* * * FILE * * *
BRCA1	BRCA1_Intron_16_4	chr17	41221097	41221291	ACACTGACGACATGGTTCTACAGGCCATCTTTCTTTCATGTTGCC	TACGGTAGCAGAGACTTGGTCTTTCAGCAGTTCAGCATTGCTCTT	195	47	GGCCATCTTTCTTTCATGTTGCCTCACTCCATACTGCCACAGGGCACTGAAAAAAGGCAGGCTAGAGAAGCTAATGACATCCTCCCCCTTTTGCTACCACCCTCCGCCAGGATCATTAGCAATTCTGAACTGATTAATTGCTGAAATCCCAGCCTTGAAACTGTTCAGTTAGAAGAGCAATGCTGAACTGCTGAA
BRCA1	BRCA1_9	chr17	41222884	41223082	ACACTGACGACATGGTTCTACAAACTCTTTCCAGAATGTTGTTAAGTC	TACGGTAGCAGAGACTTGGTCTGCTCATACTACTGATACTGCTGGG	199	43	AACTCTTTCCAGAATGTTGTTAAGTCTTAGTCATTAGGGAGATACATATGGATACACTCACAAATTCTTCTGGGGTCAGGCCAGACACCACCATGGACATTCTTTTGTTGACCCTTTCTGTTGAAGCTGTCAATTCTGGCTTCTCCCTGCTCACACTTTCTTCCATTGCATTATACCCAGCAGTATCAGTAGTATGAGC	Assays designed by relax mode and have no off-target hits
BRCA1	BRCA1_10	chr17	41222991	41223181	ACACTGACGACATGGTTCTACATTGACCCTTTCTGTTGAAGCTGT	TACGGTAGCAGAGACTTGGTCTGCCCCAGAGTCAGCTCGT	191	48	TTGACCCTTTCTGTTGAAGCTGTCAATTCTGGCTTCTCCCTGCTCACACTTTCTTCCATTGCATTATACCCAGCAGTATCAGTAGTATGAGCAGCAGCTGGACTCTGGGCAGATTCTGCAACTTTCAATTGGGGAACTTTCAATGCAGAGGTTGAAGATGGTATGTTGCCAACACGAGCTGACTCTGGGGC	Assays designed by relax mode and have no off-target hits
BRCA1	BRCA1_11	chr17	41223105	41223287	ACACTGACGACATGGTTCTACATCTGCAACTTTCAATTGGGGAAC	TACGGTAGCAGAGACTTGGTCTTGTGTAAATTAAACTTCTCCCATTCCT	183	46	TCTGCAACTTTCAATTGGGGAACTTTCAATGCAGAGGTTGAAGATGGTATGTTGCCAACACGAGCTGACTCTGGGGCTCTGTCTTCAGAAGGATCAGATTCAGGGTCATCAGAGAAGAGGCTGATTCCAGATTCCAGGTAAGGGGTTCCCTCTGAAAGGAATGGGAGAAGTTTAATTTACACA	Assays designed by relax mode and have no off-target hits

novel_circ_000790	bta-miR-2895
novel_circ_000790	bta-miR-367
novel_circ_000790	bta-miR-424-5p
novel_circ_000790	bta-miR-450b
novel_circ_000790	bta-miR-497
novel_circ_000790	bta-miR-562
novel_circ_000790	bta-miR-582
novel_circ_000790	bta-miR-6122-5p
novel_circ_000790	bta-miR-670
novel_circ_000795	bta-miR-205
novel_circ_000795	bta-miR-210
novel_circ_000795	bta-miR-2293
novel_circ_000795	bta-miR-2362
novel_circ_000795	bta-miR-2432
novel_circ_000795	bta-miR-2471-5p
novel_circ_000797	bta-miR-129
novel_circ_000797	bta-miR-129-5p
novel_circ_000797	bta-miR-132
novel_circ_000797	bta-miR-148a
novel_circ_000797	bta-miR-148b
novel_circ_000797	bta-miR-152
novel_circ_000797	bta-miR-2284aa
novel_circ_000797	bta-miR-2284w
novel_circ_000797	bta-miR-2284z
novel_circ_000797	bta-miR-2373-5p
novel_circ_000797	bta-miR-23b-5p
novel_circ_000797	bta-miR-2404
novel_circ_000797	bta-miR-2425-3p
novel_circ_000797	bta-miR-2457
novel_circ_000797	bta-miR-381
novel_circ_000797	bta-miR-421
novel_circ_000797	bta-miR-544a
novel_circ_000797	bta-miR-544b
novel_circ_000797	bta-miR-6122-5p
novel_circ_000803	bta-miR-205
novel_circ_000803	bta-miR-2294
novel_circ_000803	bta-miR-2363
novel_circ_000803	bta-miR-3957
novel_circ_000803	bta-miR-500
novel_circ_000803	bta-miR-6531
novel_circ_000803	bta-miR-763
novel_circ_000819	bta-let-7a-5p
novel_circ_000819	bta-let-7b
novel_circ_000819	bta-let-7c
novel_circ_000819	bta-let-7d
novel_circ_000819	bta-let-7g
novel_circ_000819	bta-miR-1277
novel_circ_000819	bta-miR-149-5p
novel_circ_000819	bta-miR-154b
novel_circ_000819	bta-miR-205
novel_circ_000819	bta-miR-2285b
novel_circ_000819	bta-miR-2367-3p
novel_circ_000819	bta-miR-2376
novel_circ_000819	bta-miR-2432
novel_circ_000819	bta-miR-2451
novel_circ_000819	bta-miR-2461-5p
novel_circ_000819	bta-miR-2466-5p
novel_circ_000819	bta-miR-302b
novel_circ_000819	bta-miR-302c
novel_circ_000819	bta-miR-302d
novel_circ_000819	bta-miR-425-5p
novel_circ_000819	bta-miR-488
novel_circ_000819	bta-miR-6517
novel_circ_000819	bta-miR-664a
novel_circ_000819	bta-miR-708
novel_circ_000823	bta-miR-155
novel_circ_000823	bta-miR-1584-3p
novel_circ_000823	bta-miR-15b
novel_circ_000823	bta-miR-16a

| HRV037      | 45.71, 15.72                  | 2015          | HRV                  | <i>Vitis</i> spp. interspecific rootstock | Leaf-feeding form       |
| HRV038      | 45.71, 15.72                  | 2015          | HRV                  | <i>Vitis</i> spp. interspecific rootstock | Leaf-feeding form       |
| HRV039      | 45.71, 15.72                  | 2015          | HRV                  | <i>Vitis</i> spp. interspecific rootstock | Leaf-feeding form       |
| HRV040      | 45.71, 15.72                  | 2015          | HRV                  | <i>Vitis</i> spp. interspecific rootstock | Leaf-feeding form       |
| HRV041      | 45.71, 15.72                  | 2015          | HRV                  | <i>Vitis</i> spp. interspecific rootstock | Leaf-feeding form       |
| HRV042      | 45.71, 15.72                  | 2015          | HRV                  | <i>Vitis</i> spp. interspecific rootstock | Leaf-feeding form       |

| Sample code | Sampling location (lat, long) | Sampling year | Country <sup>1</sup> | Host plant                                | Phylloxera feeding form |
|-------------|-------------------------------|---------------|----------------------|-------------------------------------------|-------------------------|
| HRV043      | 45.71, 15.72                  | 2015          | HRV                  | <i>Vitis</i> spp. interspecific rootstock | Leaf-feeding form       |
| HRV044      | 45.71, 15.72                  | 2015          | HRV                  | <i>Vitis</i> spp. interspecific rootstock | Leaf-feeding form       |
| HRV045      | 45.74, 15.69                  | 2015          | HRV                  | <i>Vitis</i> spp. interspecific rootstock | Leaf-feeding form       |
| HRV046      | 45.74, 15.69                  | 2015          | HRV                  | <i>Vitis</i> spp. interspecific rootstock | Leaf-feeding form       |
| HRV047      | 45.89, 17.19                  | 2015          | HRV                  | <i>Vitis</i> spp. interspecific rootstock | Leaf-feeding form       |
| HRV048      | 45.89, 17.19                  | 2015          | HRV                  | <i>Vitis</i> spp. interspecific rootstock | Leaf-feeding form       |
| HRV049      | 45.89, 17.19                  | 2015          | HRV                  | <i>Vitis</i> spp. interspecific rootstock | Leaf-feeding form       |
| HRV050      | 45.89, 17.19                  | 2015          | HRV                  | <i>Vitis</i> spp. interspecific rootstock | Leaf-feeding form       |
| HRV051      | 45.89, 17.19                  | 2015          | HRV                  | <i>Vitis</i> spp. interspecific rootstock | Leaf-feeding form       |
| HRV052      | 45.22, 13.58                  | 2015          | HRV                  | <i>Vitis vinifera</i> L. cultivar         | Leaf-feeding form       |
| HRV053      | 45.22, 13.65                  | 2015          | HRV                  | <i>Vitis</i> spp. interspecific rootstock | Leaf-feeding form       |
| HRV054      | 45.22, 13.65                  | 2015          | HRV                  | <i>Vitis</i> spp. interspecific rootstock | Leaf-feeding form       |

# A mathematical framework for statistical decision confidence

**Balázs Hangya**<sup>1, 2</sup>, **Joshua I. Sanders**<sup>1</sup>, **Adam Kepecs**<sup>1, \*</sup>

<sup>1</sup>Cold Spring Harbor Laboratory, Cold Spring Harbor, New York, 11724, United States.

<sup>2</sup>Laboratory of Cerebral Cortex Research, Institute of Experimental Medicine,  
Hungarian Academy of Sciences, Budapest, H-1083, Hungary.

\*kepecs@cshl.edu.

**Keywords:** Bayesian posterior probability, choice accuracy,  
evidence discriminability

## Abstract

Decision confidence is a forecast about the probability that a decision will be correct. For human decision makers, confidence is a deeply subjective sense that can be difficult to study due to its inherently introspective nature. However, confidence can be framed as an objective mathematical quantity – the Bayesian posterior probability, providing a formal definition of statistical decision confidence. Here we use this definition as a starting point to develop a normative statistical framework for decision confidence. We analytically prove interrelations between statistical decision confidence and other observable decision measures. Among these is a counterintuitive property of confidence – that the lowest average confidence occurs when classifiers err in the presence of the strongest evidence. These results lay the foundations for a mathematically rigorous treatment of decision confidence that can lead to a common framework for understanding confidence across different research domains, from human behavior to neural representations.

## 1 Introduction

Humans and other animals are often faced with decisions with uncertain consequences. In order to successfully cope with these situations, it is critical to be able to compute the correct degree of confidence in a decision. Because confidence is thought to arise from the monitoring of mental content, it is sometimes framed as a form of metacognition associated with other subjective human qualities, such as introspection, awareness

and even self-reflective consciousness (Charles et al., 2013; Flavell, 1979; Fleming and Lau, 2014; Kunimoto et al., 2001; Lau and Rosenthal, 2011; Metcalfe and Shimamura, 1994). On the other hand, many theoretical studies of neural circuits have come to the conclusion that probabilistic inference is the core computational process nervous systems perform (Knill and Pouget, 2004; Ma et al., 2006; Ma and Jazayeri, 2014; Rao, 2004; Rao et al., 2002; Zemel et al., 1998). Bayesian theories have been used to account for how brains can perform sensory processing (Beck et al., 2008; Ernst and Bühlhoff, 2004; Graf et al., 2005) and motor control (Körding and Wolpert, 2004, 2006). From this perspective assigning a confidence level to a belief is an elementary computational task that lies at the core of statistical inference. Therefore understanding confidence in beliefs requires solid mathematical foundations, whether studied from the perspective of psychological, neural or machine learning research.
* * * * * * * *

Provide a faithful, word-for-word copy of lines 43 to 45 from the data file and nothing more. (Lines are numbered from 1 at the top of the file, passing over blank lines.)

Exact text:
novel_circ_000803	bta-miR-500
novel_circ_000803	bta-miR-6531
novel_circ_000803	bta-miR-763